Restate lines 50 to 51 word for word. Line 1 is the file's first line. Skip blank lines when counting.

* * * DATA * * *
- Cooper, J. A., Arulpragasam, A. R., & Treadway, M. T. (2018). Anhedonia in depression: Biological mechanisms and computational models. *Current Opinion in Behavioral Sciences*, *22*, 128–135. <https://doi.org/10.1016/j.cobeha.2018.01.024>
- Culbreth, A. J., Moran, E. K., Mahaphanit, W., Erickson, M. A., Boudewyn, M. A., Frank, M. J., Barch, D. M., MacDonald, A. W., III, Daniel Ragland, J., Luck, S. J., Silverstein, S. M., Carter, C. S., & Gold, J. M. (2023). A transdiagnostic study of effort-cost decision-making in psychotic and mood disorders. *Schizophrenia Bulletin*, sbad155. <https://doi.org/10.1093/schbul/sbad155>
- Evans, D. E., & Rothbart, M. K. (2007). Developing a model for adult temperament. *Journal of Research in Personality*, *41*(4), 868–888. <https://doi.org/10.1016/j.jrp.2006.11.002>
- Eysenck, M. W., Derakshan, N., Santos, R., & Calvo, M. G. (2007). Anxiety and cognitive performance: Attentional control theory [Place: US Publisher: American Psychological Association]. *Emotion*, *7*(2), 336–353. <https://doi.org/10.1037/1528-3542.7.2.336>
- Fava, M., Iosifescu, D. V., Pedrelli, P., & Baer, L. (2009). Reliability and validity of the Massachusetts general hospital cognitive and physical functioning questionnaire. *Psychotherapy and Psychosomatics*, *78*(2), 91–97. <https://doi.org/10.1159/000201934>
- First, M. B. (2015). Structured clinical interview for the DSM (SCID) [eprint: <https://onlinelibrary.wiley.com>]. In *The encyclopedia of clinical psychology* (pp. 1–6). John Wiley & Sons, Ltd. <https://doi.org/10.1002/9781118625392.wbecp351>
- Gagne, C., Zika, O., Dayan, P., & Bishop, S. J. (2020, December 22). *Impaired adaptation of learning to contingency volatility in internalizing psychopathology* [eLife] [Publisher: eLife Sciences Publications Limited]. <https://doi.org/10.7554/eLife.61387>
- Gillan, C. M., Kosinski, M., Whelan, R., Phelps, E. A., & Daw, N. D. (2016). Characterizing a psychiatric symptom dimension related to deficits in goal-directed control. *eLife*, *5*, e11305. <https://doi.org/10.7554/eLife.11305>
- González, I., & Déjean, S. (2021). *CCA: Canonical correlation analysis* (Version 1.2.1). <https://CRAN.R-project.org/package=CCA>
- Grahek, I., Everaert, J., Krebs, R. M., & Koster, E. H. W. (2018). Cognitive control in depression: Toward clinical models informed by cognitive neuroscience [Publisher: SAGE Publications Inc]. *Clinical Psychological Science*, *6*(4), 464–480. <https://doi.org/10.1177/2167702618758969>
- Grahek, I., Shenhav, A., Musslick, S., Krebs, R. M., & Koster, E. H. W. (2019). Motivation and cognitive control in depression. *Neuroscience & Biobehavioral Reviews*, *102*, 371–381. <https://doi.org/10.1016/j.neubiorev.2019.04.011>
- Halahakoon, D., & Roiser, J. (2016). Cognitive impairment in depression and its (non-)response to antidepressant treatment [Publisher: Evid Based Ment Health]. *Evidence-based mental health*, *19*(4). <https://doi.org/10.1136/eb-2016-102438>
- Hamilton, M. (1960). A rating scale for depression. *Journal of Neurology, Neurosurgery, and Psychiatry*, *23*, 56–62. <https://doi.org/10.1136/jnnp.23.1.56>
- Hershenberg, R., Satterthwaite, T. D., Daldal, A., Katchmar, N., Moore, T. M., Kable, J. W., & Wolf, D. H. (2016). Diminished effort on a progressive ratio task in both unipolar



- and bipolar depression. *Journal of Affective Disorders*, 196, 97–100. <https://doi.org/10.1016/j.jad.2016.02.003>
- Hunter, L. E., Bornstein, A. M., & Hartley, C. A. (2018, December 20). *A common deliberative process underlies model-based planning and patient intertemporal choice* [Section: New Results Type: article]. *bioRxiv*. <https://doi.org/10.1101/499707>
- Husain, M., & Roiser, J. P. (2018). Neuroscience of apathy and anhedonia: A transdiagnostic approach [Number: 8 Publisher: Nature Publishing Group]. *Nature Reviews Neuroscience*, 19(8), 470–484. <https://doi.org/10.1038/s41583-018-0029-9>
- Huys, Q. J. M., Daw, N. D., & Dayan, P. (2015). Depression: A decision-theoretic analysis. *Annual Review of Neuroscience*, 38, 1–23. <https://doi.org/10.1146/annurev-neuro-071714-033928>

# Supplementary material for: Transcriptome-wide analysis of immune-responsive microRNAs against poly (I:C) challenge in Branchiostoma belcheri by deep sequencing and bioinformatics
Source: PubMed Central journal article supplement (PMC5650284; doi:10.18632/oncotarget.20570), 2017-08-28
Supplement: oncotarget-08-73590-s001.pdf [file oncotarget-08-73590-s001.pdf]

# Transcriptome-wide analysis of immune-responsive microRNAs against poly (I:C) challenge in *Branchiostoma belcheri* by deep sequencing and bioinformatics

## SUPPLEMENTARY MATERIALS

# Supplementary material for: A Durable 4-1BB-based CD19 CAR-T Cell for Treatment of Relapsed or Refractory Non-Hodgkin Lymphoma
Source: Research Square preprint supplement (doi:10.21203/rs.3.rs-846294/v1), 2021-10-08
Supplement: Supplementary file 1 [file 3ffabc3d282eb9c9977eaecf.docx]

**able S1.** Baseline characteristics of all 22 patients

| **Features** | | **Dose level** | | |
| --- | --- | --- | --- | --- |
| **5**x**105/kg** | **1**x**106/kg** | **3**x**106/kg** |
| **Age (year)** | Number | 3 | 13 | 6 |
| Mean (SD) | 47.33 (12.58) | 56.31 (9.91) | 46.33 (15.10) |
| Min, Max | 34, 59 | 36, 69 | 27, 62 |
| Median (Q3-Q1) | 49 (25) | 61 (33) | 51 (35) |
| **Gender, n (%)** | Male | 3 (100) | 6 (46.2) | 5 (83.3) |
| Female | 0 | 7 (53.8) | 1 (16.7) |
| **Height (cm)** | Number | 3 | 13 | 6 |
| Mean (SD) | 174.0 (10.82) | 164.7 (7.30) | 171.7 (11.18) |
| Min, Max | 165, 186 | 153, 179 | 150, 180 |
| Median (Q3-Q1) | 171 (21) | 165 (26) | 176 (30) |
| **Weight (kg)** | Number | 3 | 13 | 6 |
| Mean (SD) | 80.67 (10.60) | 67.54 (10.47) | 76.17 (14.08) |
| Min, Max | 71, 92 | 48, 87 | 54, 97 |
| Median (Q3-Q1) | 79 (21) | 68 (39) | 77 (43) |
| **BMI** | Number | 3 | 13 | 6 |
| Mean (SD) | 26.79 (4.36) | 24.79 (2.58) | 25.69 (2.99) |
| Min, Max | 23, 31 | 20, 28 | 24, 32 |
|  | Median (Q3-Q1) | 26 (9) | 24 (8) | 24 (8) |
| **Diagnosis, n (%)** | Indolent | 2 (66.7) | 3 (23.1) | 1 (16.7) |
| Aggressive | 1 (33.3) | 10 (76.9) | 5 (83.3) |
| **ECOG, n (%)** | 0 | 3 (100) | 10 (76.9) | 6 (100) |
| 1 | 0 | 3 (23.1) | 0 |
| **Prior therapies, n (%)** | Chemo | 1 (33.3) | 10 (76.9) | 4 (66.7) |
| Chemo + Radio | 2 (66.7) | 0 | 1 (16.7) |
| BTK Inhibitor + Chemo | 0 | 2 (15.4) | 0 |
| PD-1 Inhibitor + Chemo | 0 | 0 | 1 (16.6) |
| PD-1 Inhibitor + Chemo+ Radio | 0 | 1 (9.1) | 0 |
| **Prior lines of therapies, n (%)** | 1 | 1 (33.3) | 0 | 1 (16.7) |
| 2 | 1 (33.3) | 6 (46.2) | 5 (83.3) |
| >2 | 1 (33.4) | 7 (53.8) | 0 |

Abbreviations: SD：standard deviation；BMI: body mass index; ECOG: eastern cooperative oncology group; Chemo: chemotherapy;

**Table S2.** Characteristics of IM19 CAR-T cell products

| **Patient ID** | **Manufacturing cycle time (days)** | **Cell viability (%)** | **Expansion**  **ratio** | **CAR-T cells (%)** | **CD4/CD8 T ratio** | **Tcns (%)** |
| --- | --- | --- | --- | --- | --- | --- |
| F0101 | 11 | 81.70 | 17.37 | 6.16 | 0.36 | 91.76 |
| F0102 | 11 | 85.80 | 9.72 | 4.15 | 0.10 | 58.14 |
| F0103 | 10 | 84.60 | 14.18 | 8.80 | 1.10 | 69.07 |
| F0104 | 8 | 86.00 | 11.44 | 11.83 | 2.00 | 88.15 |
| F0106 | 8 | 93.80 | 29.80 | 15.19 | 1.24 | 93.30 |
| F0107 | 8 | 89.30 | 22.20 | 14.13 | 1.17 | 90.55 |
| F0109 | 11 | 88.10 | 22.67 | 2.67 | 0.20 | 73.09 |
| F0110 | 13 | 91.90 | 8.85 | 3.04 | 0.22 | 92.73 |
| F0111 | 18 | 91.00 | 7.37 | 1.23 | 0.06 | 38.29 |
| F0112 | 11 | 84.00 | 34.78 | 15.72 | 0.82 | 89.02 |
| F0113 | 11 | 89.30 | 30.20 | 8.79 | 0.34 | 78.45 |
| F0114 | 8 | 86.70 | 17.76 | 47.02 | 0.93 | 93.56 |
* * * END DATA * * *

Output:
| Aggressive | 1 (33.3) | 10 (76.9) | 5 (83.3) |
| **ECOG, n (%)** | 0 | 3 (100) | 10 (76.9) | 6 (100) |